Hi I would imagine if you were unhappy with a care home that it would be your right to move him to another home I don’t see why not even if it’s paid for by social work it’s your loved one and remember they don’t mean what they say to you no matter how much it hurts. I know it’s very difficult. Maybe ask them if you are unhappy with him there can you move him but I don’t see a reason why you can’t.
 

jugglingmum

Registered User
Jan 5, 2014
5,857
Chester
Also great comment- there is no best solution with dementia only least worst....
I really agree with this, it is not a phrase that makes sense to those who haven't experienced dementia, but PWD don't have the same needs and wants as we do, and I think sometimes we think what we would want for ourselves rather than the PWD.

It takes time for a person to settle in, so give it time.

I hope all goes well for you.
 

Topsy7

Registered User
Jul 1, 2016
28
I really agree with this, it is not a phrase that makes sense to those who haven't experienced dementia, but PWD don't have the same needs and wants as we do, and I think sometimes we think what we would want for ourselves rather than the PWD.

It takes time for a person to settle in, so give it time.

I hope all goes well for you.
Thank you- worst day of my life but he’s made the move...
 

Topsy7

Registered User
Jul 1, 2016
28
I really agree with this, it is not a phrase that makes sense to those who haven't experienced dementia, but PWD don't have the same needs and wants as we do, and I think sometimes we think what we would want for ourselves rather than the PWD.

It takes time for a person to settle in, so give it time.

I hope all goes well for you.
Thank you- it was a horrible day but it had to be done
 

Topsy7

Registered User
Jul 1, 2016
28
I really agree with this, it is not a phrase that makes sense to those who haven't experienced dementia, but PWD don't have the same needs and wants as we do, and I think sometimes we think what we would want for ourselves rather than the PWD.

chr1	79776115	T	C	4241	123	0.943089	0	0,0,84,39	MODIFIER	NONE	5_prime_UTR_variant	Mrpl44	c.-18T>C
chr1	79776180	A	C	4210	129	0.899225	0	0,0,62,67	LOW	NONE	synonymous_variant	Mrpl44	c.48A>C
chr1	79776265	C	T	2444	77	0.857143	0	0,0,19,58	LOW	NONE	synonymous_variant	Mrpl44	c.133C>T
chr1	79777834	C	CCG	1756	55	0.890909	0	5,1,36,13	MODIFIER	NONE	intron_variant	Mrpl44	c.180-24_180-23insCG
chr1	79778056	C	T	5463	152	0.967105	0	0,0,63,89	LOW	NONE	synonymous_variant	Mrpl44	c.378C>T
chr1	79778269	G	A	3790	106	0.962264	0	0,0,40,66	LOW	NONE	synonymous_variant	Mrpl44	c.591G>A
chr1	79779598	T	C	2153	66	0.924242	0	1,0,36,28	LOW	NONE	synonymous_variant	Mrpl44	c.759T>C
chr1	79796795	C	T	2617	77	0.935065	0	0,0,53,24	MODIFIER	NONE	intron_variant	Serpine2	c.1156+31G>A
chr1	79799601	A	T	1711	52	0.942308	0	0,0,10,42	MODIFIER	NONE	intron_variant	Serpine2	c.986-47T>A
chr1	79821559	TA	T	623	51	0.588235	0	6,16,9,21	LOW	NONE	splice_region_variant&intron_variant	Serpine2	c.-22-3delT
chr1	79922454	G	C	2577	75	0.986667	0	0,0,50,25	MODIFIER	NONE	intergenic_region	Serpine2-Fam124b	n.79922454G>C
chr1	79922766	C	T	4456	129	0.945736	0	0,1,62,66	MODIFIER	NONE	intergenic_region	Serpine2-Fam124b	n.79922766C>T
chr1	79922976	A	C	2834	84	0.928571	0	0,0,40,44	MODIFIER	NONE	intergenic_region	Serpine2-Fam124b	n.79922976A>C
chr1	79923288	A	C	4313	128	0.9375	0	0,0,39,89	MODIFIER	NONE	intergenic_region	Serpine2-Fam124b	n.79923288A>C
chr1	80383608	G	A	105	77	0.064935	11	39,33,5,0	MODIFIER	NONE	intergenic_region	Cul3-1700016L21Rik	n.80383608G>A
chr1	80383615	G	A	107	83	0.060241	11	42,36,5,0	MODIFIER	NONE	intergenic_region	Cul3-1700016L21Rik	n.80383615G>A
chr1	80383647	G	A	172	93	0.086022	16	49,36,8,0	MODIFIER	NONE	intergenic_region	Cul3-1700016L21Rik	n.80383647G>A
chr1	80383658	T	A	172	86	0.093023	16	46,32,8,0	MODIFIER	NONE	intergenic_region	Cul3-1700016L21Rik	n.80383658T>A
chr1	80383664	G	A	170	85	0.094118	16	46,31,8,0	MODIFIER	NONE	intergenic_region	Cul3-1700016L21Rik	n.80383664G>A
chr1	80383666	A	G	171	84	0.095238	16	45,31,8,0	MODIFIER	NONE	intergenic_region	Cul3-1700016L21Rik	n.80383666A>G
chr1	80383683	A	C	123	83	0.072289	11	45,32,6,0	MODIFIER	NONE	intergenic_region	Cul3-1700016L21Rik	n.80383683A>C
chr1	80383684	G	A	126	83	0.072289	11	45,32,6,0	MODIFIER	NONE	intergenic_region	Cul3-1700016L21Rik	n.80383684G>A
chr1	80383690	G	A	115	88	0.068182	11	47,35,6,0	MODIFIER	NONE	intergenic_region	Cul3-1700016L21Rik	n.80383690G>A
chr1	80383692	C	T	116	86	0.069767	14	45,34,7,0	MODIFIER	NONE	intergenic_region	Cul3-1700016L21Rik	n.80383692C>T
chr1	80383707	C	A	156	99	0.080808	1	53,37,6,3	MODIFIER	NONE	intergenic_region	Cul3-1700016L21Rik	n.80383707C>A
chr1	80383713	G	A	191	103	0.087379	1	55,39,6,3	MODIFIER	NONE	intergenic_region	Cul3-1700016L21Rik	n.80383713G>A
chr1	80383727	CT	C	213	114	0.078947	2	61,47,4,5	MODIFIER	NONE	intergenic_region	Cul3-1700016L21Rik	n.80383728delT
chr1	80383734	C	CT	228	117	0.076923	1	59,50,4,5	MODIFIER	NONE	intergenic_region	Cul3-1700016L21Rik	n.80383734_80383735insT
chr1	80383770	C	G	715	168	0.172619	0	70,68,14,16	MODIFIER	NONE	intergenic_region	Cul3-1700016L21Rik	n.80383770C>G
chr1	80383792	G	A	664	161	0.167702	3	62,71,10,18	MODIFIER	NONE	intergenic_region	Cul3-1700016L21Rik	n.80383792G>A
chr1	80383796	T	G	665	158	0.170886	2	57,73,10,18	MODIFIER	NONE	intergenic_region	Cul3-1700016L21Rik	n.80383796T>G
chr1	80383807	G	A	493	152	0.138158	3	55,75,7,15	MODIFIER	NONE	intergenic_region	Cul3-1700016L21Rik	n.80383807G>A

It takes time for a person to settle in, so give it time.

I hope all goes well for you.
Thank you
Worst day of my life but that’s a major step taken
 

Topsy7

Registered User
Jul 1, 2016
28
I really agree with this, it is not a phrase that makes sense to those who haven't experienced dementia, but PWD don't have the same needs and wants as we do, and I think sometimes we think what we would want for ourselves rather than the PWD.

It takes time for a person to settle in, so give it time.

I hope all goes well for you.
Thank you , it was a horrible day but it’s done ...
 

Topsy7

Registered User
Jul 1, 2016
28
I really agree with this, it is not a phrase that makes sense to those who haven't experienced dementia, but PWD don't have the same needs and wants as we do, and I think sometimes we think what we would want for ourselves rather than the PWD.

It takes time for a person to settle in, so give it time.

I hope all goes well for you.
Thank you. It’s done now- was an awful day but necessary
 

Philbo

Registered User
Feb 28, 2017
834
Kent
Hi @Topsy7

It's a difficult step isn't it.:(

My wife went into nursing care at the end of September and I have been through a whole range of emotions since.

After caring for her for 6+ years, it was a relief in many ways, not having to be on alert 24/7, having time to do what I want. However, I found it hard to relinquish the caring aspects and accept that the nursing home and it's lovely staff have their own ways and routines. As my wife is mainly blissfully unaware of what's going on around her, she has settled in well and seems happy.

The difficult aspect for me has been getting used to being on my own, especially coming home to an empty house. After 48 years of marriage (our anniversary was a couple of weeks after she moved to the NH), I miss the companionship, even though she was unable to communicate hardly at all these last few years.

If I've learnt one thing after soldiering along the dementia journey, it is how we (carers) cope and adapt to changing situations. I think the impending Christmas period is going to test this somewhat but I will put on a brave face.:rolleyes:

Wishing you and all the lovely TP folk a very happy Christmas.

Phil
 

jenniferjean

Registered User
Apr 2, 2016
760
Basingstoke, Hampshire
If I've learnt one thing after soldiering along the dementia journey, it is how we (carers) cope and adapt to changing situations.
That's true. When the changes happen slowly it tends to be a bit easier, but when things happen suddenly it can be more difficult. But yes, we do adapt. We just have to. So it's not surprising when we get stressed and feel we have the world on our shoulders. Thank Heavens for TP.
 

AliceA

Registered User
May 27, 2016
2,854
I really feel for you, I am on the brink of making the same move with my own beloved husband. It is the hardest thing ever. Others on here have good advice, especially those trying to do their best for a partner. We are all different, be kind to yourself. X